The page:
Gronostajski: CRISPR News Concerning for Scientists

Richard Gronostajski.

Richard M. Gronostajski, PhD

Published March 8, 2019 This content is archived.

story based on news release by ellen goldbaum

Richard M. Gronostajski, PhD, professor of biochemistry, says recent claims of genetically modified humans developed in China are a source of concern for biologists and bioethicists around the world.


Risks May Outweigh Potential Benefits

Gronostajski, director of the Genetics, Genomics and Bioinformatics graduate program and a researcher at UB’s New York State Center of Excellence in Bioinformatics and Life Sciences, said that the clinical trial in China was designed to edit the CCR5 gene to generate humans who would be resistant to the HIV virus.

“The primary concern of scientists and bioethicists is that it is unclear whether the risks involved in such studies outweigh the potential benefit of the results for the patients involved,” Gronostajski says.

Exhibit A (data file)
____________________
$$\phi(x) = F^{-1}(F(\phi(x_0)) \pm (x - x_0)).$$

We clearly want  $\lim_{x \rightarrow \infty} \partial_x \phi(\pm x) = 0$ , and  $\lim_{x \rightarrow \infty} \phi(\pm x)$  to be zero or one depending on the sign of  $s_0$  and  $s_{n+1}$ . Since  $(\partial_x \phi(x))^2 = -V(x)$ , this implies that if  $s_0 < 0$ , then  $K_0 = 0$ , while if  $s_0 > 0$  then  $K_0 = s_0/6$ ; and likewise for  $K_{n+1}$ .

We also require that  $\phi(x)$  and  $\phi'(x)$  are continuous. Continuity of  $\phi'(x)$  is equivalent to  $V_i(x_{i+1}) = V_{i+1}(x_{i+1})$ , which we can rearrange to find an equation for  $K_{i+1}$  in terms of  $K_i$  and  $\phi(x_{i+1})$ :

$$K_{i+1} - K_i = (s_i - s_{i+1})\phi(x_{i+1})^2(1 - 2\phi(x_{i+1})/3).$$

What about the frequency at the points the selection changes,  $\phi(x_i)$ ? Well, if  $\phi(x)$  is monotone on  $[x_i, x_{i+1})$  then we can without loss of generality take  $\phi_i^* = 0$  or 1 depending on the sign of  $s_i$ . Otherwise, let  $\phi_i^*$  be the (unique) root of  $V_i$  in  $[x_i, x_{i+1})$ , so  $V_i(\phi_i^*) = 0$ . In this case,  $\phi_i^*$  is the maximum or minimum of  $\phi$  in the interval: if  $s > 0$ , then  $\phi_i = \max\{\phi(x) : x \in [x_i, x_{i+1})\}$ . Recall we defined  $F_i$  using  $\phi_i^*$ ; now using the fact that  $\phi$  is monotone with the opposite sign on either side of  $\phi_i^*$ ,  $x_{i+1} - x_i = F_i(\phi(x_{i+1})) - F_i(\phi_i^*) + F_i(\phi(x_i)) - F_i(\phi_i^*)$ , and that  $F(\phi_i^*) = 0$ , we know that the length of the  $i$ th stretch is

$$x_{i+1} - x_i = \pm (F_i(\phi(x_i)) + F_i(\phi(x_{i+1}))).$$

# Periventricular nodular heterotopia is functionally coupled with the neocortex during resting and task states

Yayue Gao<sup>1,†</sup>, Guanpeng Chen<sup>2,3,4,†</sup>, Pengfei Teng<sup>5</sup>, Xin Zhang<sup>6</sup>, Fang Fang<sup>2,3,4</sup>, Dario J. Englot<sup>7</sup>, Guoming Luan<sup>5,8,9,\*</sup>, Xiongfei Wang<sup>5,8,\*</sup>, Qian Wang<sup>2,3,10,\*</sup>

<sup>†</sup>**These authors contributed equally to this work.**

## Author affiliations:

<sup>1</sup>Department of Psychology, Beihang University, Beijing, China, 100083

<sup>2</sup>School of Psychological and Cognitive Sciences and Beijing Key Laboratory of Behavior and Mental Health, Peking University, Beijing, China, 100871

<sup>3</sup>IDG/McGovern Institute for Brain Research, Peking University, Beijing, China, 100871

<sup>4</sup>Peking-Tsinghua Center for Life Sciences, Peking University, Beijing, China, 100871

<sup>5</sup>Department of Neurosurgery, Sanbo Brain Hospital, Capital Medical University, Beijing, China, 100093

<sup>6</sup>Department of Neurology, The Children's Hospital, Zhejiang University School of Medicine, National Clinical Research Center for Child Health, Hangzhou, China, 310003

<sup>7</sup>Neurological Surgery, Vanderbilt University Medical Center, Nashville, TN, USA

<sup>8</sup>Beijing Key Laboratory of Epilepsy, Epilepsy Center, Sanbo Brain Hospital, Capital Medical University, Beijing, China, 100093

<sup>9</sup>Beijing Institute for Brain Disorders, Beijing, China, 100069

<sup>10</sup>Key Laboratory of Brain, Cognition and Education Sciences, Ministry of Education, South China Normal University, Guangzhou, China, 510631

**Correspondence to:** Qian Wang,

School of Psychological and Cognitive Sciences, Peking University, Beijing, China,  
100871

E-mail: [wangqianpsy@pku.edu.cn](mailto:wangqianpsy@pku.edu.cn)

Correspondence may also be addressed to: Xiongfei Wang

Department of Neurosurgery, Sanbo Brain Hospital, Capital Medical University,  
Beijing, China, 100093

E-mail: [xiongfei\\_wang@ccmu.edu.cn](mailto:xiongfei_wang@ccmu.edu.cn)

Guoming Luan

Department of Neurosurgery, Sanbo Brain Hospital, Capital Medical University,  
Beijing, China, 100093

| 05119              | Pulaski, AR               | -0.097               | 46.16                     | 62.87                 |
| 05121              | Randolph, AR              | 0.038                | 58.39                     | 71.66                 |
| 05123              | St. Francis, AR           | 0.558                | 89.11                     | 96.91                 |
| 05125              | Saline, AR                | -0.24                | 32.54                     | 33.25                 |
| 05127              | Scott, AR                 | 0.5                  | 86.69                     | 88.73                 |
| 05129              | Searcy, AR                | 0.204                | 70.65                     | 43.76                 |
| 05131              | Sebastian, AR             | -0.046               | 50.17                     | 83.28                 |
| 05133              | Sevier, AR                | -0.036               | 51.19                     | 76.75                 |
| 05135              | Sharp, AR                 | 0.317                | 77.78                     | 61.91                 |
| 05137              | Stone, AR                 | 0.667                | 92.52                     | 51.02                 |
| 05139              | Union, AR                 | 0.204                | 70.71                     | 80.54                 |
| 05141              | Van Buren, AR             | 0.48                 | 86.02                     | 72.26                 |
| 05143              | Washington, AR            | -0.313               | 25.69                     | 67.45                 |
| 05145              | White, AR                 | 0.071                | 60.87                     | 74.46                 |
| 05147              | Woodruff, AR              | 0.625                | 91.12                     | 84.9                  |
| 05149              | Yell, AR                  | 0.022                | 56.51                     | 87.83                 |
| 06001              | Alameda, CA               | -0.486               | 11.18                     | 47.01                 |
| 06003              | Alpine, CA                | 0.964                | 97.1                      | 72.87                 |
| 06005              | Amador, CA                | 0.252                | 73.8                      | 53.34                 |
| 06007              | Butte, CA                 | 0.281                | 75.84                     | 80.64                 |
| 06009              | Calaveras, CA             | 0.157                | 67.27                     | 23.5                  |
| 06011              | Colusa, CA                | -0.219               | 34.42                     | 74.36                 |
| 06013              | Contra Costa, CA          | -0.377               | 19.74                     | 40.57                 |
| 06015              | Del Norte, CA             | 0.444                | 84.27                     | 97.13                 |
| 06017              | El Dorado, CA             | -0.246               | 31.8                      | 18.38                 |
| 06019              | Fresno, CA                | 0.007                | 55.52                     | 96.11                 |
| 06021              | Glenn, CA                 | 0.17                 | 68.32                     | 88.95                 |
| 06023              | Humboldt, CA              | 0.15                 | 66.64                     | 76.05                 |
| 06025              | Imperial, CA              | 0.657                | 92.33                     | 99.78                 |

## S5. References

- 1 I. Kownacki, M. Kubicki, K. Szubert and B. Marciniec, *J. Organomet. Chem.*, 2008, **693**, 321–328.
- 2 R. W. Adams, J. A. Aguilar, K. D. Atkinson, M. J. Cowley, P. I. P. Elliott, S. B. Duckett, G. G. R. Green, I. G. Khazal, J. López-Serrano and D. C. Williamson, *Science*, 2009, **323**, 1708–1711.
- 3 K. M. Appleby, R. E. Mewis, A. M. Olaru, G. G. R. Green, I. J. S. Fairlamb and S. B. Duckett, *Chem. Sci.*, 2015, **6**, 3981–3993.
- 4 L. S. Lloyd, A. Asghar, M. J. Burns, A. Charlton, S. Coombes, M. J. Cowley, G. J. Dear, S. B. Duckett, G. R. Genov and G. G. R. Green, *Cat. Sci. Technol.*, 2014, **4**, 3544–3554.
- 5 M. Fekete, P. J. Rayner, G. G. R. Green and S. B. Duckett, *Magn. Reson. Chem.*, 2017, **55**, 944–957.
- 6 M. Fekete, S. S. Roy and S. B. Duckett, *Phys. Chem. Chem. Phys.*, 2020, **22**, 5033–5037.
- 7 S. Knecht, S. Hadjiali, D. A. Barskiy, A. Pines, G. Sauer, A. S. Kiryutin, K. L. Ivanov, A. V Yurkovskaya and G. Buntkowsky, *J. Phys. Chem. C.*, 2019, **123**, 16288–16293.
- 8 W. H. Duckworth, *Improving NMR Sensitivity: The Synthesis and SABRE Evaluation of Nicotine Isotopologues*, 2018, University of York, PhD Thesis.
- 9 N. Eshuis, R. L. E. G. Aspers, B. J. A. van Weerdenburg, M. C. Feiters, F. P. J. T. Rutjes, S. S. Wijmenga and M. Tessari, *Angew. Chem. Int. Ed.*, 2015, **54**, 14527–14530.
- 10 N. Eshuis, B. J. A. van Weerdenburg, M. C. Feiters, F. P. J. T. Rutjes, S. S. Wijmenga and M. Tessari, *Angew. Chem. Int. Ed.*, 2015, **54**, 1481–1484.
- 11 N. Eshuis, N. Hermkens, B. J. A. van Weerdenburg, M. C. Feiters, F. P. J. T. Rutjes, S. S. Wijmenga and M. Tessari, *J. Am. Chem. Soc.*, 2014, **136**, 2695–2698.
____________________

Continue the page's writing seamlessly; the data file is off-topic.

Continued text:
“As a basic researcher in genetics and genetic diseases, I personally have strong reservations regarding this work. The major concern is that the technique used is known to sometimes generate mutations in genes other than the one that was targeted, producing unknown new mutations in the patient. In addition, while there are naturally occurring mutations in this gene that confer resistance to HIV, it is unclear whether this edited gene would also confer resistance,” he adds.

Reports: Multiple Edited Embryos Result

Gronostajski cited media reports in the Associated Press and MIT Technology Review that stated that the clinical trial resulted in multiple edited embryos, one of which was edited in both copies of the CCR5 gene and one of which had only one copy of the gene edited.

“No further information was disclosed about the type or degree of gene editing or possible so-called off-site editing effects, in which another, unintended gene might also have been edited,” Gronostajski says.

The reports brought the issue into the public eye.

“This event has had the positive effect of pushing human gene editing into the limelight and forcing both scientists and the public to consider whether or how we should move forward with such work in the future. It is important that we have these discussions now,” Gronostajski adds.

Chinese scientist He Jiankui claims he used human embryos modified with the gene-editing technique CRISPR to create twin girls. Shortly after the announcement, he was reportedly placed under house arrest and has made no further comments. The Chinese government recently announced new guidelines requiring greater oversight of human gene editing clinical trials.